For Jessica Buckwalter, teaching art is about much more than mixing colors or knowing which brush to use for blending. She has turned it into a personal calling to help young people find their way.
At Salisbury Art Station, Buckwalter works with children and youth from all socioeconomic backgrounds, offering them a “safe space” to create, explore, learn and express their feelings. Everything from the paint-spattered tables to the cubbies where they keep their supplies comes to feel like home.
Salisbury Art Station is located at 120 E. Innes St., in what is known as Hogan’s Alley, alongside the East Square Artworks studios of professional artists Whitney Peckman and Syed Ahmad. Although they do have space available for birthday parties and private rentals, Buckwalter said the focus at Salisbury Art Station and East Square Artworks is not wine-and-paint parties. Whitney and Syed use the space as their working studio, and Buckwalter finds her purpose in helping kids learn more than art.
“I’m not really looking to make a quick buck teaching people to paint a sunset,” Buckwalter said. “I want to make connections with these kids and help them understand the idea of a comfortable space and how to care for each other.”
Buckwalter is in the process of transitioning to nonprofit status to help Salisbury Art Station realize her goal more fully. She will be able to apply for grants and secure funding to take her program into schools and locate children who need her help.
“My goal is outreach and finding the kids who need me,” she said. The students at Salisbury Art Station range from kindergartners to high schoolers. “It’s not just poor kids. It’s wealthy kids, poor kids, and everyone in between. There is no magical socioeconomic bridge that makes everything OK. We’re all the same, and we’re all in this together.”
In the studio, it’s the same routine each time: Wash your hands with soap and water. Get out your sketchbook. Follow the warm-up activity on the board, free-draw, or journal – whatever gets your creative juices flowing.
Students are free to get their own snacks and are responsible for cleaning up after they eat. “I help them choose on the healthy side, because a lot of them don’t eat vegetables,” Buckwalter said. “If they have a pack of peanut butter crackers, they need to choose a piece of fruit or a vegetable to go with it.”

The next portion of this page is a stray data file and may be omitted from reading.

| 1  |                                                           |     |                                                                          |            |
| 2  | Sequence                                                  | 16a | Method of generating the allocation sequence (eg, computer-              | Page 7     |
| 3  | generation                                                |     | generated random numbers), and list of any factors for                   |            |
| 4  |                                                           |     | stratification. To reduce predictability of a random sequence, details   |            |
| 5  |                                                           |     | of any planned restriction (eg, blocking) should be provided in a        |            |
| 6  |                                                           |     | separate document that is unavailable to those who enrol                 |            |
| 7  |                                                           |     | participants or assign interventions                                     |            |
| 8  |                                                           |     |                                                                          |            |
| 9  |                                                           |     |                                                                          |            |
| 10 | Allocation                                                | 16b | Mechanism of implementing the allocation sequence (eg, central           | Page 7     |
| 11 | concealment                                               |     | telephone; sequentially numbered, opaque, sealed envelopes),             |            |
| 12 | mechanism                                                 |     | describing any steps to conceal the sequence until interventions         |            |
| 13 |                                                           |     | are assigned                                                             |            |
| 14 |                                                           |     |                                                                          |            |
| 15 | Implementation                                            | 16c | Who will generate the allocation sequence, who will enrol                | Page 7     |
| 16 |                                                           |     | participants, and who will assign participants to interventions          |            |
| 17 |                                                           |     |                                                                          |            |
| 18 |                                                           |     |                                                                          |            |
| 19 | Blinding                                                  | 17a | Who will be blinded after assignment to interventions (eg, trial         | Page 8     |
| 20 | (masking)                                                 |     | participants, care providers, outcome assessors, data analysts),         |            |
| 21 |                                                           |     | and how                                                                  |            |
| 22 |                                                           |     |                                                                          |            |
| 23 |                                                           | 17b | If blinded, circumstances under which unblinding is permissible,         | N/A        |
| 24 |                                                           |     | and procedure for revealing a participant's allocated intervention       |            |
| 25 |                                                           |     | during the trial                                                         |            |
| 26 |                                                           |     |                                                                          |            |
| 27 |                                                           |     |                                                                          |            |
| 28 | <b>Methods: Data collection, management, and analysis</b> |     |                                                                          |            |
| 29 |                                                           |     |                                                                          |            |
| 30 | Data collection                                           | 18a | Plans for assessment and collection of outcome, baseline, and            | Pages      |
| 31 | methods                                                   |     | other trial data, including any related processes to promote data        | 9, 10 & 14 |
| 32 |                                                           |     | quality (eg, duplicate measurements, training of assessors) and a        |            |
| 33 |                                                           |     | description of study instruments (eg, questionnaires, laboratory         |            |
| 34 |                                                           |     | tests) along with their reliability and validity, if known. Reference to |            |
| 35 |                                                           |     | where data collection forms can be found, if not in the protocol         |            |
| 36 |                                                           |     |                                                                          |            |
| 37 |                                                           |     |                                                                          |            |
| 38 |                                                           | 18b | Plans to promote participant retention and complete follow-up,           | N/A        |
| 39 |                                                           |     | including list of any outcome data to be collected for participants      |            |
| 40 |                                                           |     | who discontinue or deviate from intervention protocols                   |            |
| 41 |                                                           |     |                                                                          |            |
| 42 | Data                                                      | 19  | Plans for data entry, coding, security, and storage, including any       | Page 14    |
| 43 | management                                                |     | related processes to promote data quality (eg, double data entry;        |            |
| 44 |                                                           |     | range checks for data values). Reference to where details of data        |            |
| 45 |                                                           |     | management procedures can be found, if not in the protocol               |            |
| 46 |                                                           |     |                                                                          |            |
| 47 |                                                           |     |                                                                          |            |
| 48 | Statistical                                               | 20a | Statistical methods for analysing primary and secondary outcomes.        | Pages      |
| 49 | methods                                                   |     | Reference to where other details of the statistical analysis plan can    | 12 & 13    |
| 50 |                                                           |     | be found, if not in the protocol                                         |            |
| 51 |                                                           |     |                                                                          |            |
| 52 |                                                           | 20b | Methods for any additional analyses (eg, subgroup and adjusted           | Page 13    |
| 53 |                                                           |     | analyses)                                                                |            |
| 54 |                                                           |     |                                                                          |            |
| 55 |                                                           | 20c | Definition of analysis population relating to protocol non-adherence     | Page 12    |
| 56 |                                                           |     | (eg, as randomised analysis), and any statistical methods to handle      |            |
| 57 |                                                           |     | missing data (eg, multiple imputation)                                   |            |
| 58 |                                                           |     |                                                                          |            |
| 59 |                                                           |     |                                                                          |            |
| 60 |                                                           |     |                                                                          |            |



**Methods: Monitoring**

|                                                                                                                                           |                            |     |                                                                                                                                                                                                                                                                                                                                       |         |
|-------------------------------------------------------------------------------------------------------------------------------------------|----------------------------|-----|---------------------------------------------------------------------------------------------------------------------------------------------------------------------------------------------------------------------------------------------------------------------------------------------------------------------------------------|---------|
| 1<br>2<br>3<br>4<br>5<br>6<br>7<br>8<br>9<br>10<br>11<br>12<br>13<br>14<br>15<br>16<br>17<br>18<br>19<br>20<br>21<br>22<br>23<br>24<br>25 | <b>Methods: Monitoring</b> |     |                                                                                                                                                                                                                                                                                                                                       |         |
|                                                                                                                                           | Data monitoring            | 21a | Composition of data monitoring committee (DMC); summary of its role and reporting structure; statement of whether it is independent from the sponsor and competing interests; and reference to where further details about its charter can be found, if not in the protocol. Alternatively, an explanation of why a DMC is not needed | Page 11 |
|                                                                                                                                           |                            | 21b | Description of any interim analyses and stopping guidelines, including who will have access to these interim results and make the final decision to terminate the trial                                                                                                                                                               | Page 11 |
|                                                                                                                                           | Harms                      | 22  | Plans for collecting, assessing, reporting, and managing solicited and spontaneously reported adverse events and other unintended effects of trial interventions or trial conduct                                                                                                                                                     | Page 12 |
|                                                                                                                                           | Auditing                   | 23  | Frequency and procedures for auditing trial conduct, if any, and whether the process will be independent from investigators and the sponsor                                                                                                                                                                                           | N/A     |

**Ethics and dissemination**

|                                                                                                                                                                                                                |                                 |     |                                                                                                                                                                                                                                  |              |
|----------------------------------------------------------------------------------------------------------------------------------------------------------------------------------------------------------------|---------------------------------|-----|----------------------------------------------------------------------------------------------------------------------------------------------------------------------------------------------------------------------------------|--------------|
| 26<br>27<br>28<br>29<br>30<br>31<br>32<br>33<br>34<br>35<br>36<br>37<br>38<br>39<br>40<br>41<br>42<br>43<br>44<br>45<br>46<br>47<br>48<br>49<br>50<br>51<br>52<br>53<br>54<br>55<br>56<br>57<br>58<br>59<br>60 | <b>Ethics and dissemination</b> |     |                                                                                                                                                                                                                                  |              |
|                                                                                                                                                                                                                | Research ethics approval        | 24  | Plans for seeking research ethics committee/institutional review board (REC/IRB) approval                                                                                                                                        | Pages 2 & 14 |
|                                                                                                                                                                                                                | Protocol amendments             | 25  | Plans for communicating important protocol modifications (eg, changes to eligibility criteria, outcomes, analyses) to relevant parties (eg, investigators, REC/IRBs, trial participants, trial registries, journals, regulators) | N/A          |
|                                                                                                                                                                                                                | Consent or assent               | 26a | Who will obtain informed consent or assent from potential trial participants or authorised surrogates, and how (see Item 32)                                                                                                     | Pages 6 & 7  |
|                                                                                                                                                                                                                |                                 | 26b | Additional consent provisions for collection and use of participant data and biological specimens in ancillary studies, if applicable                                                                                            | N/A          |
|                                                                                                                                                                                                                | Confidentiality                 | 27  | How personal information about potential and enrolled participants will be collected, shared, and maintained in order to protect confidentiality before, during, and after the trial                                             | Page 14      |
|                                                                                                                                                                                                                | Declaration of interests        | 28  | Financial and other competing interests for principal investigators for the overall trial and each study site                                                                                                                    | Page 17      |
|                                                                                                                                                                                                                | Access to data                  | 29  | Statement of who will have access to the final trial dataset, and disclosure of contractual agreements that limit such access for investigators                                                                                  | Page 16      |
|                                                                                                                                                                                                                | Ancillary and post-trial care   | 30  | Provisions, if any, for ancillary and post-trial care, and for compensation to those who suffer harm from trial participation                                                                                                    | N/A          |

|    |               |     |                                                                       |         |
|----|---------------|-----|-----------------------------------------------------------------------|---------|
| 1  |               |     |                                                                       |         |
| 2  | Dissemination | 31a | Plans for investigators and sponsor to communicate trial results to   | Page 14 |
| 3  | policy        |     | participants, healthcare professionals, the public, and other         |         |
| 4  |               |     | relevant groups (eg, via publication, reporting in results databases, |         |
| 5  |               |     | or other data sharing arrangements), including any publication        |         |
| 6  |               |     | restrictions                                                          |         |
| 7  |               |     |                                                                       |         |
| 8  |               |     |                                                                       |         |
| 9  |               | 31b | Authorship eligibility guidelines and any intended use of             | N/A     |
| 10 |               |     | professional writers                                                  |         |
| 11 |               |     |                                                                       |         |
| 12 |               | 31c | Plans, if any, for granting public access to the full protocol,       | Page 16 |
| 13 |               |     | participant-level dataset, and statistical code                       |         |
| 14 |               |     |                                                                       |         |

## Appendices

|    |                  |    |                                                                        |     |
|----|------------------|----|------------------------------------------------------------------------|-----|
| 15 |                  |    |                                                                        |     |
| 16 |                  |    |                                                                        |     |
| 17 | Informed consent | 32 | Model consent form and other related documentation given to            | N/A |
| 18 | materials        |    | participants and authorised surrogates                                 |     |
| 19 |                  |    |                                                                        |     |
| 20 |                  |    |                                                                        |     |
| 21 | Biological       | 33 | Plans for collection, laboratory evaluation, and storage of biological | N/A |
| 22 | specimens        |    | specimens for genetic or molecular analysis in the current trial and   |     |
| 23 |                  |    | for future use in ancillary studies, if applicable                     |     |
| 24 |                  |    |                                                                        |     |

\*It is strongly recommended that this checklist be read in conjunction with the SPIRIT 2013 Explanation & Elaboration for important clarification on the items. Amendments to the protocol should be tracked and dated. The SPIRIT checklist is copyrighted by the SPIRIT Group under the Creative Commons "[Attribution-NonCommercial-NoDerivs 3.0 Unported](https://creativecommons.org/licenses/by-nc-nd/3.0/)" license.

Art projects range from sculpture to painting and journaling, with students having three or four creations going at once. “If they feel like weaving one day while others are doing oil pastel, that’s totally fine,” Buckwalter said. “They’re recognizing their own attention span and connecting with their feelings.”
Buckwalter’s biggest personal fulfillment comes from watching her students grow as people. Not only do they learn to express themselves artistically, they learn empathy and become like family.
“Kids are so intuitive,” Buckwalter explained. “With the snacks, I’ll watch them and, regardless of who the child is or what background they come from, they’ll make sure everybody has the same amount. They’ve become this little family, and they care for each other. If they’ve grown out of their clothes, they don’t take them to Goodwill, they bring them here. They are there for each other through tears and happiness.”
Since Buckwalter struggles with multiple sclerosis, she shows her students by example how to push through obstacles. “The only way you fail is if you don’t keep going,” she said. “My mantra is two hours at a time. That’s how long my classes last, and no matter how I’m feeling, I say that I can do at least that. Kids deal with everything that adults do -- parents passing away, terrible illnesses… very adult issues. I let them know that I deal with this, but I don’t make excuses.”
Having her studio in downtown Salisbury gives Buckwalter a chance to teach the value of supporting true local businesses. “I am surprised that even some adults don’t really understand that Panera is not a local business,” she said. “As downtown business owners, we may not see each other often because we are so busy, but we are friends and support each other and do everything we can to see every business to succeed.”
When she moved to North Carolina from her native Ohio years ago, Buckwalter wasn’t even planning to be an art teacher. She had a degree in metalsmithing and had applied for a job at Macaroni Grill. One day, she gave a friend a ride to a job interview at a school in Cabarrus County, struck up a conversation in the waiting room, and was offered a job as an art teacher on the spot. Through the years, she also has taught classes at Waterworks Visual Arts Center and other local arts facilities.
She never envisioned herself as a school teacher or the owner of an art studio, but here she is, in the right place at the right time, doing her part to help prepare the next generation to be thoughtful, kind and productive.
“As a school teacher I found that, when something bad would happen, my students supported me as much as I supported them,” she said. “Everyone needs trusted people to talk to and a place to feel safe. I told myself I would never stand by idly and watch kids float through the system without batting an eye. It’s a hard realization that I can’t help every child, but I can still make a difference.”